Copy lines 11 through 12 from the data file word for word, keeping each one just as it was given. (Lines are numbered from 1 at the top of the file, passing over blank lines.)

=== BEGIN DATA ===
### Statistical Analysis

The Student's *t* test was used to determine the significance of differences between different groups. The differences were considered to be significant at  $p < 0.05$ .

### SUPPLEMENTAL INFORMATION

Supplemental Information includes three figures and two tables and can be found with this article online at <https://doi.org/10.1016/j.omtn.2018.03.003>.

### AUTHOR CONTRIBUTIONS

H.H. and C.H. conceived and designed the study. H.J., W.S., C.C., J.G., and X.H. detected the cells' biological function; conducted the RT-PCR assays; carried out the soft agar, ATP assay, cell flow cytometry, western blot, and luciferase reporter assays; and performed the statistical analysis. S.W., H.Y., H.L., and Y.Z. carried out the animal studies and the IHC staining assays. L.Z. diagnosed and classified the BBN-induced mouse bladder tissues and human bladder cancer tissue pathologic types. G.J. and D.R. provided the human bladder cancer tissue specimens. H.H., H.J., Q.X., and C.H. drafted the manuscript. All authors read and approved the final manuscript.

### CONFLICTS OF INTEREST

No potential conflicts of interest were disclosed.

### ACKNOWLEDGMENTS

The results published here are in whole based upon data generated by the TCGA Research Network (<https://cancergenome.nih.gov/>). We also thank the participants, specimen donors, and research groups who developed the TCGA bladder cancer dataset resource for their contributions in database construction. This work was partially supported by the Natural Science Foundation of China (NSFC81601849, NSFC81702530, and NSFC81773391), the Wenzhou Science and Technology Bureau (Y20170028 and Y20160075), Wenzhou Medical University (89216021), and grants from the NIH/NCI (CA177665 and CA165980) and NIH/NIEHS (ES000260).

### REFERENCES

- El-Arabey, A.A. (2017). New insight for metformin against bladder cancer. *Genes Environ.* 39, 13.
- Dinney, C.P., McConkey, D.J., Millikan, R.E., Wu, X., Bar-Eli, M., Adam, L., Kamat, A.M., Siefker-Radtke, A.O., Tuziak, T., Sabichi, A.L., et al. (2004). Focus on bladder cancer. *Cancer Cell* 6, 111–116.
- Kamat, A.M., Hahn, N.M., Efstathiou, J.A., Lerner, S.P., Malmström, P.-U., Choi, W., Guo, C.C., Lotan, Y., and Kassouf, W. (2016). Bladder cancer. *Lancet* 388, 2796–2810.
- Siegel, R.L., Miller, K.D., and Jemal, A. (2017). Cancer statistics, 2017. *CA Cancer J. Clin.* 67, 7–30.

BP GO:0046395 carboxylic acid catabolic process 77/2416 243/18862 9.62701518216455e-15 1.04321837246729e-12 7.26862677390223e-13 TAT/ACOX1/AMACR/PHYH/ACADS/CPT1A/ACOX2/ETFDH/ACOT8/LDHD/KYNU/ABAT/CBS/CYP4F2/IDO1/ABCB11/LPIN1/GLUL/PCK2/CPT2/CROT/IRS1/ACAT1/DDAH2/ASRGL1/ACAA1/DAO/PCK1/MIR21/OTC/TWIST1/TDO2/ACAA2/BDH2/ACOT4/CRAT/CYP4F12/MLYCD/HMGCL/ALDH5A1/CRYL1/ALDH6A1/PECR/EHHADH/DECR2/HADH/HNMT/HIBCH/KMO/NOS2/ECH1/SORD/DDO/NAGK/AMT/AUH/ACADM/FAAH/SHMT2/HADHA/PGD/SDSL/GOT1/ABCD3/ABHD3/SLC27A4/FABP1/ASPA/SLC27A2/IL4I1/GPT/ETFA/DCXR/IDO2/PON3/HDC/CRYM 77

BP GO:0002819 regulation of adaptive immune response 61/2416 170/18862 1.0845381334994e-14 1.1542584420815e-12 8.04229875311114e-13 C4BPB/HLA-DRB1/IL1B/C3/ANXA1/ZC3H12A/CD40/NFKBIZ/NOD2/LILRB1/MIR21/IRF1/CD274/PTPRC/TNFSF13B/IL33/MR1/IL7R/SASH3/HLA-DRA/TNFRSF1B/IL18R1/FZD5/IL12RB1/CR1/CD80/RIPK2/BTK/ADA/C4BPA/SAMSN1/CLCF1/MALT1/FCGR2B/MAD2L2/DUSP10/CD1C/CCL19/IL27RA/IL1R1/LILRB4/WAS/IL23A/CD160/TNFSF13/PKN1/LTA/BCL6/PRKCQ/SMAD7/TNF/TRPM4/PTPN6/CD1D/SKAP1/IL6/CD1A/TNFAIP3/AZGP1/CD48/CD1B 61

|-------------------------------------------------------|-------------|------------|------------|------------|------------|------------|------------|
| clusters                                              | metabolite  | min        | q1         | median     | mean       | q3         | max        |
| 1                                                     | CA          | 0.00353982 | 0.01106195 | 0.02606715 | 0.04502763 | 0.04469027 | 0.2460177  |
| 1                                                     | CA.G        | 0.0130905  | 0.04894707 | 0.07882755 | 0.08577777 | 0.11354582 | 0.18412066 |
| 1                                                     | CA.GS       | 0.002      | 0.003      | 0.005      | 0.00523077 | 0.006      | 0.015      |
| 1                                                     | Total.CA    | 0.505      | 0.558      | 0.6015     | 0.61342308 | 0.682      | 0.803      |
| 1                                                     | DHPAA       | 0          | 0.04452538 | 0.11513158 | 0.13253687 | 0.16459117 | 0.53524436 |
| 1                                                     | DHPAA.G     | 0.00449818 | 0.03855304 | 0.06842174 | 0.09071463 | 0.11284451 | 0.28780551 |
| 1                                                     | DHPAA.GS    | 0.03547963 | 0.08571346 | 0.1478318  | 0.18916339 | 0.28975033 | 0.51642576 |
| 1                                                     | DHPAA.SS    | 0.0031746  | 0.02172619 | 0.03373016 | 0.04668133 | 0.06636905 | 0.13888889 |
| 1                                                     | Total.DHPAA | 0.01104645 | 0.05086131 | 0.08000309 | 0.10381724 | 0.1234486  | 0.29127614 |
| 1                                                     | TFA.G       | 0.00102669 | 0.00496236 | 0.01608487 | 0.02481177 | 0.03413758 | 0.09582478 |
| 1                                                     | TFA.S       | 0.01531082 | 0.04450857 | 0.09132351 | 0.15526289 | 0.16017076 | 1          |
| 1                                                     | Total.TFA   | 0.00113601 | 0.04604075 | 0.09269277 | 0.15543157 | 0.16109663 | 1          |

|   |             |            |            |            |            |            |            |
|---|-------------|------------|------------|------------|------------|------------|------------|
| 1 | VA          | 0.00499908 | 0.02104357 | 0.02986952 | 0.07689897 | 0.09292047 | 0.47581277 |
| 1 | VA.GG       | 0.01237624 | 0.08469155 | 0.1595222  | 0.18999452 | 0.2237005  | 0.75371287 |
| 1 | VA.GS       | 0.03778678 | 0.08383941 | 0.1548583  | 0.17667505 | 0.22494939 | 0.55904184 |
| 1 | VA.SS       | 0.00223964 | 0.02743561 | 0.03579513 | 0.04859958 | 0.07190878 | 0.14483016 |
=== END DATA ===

### REFERENCES

- El-Arabey, A.A. (2017). New insight for metformin against bladder cancer. *Genes Environ.* 39, 13.